Being of the television generation, several mental pictures immediately spring up when discussing sheep and shepherds.  First is the series of cartoons with the wolf and the big sheepdog checking in on their time clocks and heading out to work, the wolf to try to catch and kill the sheep, and the dog to protect them.  The second is of Babe the pig herding the sheep in the sheepdog competition into separate pens by communicating with them in their own terms.  He knew the magic words…”Baa-ram-ewe”

What dangers do we need our shepherd to protect us from?  We could list hundreds of temptations, and dangers such as muggings etc here, but the only real danger is that we become separated from God.  Sin separates us from God and so we need the shepherd to steer us away from sinful things…to keep us on the straight path.

God sent Jesus to live among us as one of us just as the sheepdogs and Babe did.  Jesus knew our own language.  He knew what we were going through because he lived it.  People could feel this, perhaps the reason he drew such large crowds of people wherever he went.  He knew the magic words.  He was one of us, not trying to make himself much more than us.

A shepherd is a guide.  If you have travelled to new places at all you will realize how much easier it is to get around, how much more comfortable you feel, with a guide who knows the area.  Whether this be a jungle safari or a trip to the Montreal Jazz Festival, it is easier to take in the event when someone else is taking charge of keeping you from straying off.  Someone who has been there before.

God knew this and planned to give us just this sort of guide.  Jesus is such a good shepherd because he also has been a sheep.  While Jeremiah foretells the shepherd, John 1:36 refers to Jesus as, “God’s Passover Lamb” and Acts 8:32, “As a sheep led to slaughter, and quiet as a lamb being sheared,”  Lambs are used to symbolize innocence and only perfect lambs were acceptable for sacrifice to God in the Old Testament.  He has been here before and He knows the way.  It is for us to put our faith in Him and follow in his ways.

 

Psalm 23  The Gospel- Mark 6: 30-34, 53-56

Not Freedom From/ Freedom To


On Friday afternoon, I was IMG-20110407-00025near the high school office and there was a small group of recent graduates there. Two of the boys were wearing their hats, which is against the school rules. When I asked them to remove their hats they looked at me with a touch of, “we aren’t students here anymore, we don’t have to follow the rules” in their expressions. Being rather congenial individuals they did remove their hats. Over the years there have been many who immediately do something they were not allowed to do as some sort of proof that they are free of school and its rules!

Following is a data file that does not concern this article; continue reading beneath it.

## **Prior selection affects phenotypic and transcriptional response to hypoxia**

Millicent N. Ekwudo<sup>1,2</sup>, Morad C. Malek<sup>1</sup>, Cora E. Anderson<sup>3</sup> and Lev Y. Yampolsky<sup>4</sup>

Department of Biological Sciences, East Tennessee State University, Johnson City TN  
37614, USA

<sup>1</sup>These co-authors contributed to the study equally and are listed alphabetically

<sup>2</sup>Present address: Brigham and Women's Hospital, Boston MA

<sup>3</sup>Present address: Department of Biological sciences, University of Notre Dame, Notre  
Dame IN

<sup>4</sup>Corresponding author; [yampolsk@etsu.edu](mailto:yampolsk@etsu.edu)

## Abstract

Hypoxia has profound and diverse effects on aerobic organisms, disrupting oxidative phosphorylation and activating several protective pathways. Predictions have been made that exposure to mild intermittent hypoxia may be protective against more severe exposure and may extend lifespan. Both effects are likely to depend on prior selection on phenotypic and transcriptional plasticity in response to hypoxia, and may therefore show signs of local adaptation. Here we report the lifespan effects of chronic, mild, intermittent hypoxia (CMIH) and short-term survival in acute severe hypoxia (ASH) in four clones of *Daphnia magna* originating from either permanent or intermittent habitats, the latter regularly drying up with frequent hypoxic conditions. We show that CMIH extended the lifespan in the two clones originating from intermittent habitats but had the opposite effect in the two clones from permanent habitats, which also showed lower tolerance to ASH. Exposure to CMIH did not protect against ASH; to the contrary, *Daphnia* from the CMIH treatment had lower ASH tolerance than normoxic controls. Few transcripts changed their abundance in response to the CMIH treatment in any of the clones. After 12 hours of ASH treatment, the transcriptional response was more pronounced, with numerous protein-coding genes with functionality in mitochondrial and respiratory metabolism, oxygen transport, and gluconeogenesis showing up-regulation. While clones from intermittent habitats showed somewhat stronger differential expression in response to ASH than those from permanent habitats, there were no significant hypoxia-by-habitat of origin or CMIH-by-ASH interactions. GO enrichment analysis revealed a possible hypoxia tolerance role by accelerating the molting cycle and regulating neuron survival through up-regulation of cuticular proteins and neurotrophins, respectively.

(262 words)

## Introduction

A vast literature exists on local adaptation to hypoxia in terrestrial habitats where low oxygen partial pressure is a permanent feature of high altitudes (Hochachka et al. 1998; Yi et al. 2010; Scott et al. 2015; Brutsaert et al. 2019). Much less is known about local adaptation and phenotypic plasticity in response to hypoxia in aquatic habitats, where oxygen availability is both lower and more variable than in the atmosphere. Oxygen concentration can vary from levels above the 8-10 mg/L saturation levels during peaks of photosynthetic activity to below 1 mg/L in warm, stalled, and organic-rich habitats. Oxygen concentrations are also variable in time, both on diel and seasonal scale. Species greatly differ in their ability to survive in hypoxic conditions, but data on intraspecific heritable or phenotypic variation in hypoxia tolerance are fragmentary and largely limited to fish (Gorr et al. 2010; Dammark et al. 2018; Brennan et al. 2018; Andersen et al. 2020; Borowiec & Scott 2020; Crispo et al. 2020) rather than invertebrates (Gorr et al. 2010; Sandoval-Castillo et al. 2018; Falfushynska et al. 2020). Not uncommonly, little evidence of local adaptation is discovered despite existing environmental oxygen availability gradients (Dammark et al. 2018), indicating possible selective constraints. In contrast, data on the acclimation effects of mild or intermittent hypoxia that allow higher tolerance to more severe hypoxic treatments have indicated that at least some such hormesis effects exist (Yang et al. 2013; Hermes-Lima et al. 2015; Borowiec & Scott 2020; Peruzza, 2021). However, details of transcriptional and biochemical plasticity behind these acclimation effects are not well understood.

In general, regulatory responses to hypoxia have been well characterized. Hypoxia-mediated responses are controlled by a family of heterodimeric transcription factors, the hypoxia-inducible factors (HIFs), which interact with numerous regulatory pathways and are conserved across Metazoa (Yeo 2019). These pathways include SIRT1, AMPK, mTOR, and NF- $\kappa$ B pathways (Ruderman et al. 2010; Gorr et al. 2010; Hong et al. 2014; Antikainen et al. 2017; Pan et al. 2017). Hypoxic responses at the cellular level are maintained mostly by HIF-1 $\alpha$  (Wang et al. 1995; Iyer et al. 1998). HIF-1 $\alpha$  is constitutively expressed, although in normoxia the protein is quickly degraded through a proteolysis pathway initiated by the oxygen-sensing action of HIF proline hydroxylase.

Rather than continuing with Elijah today, we join the church in Galatia reading letters from Paul. Paul had been in correspondence with them for quite a while. There were issues in the church with the false teaching that salvation could only be achieved through first believing, and then performing acts to qualify. In the first 4 chapters of Galatians we read of Paul trying to beat it into their heads that we are saved by faith alone, and not works; that there is no human action needed to add to Christ’s sacrifice in order for us to receive salvation. In his notes on Galatians 5:1, 13-25, Scott Hoezee equates this part of Galatians with saying, “Don’t just do something, stand there!”(“Proper 8Ccenter For Excellence In Preaching”)

In today’s reading Paul almost seems to be saying the opposite. “Don’t just stand there, do something!” (“Proper 8Ccenter For Excellence In Preaching”) He moved on to explain that we are now free of the law, by which he is referring to the complex series of religious laws called the Torah, but that being free of the law doesn’t mean that we are free to do anything we want with no limitations. The fact that my Mother’s residen
ce has a soft ice-cream machine that is in operation 24 hours/day would allow me to eat ice-cream cones continuously, but that would not be correct use of that freedom as it would end up making me sick. When, through Christ, we were freed, we were not freed from something, but we were freed to something. We are freed to, “through love become slaves to one another.” Paul sets up a comparison between the law, and freedom in the Spirit as our potential guides for living.  The law may be characterized as being; a dictator, demanding, condemning, and unable to grant freedom. While the Spirit is the source of the power to cope with desires of flesh and it signals liberation. (Cousar)

I guess the overall theme or question of today would be, “Just what is freedom?” If we were prisoners, freedom would be having the gate opened and walking out. In North America, we talk a lot about our freedom. In theory we are all free to get an education, find a home, work, play, form groups, and speak out about things we feel are important. We are free to meet here today and we are free to go as a group to a public park and have a picnic. Freedom, however, is not a guarantee of an easy ride, it is not necessarily our ticket to continual joy and celebration. When the Israelites were freed from slavery in Egypt they sang songs  and danced with joy, but then they went on an epic 40 year journey full of frustrations, challenges, and years of uncertainty.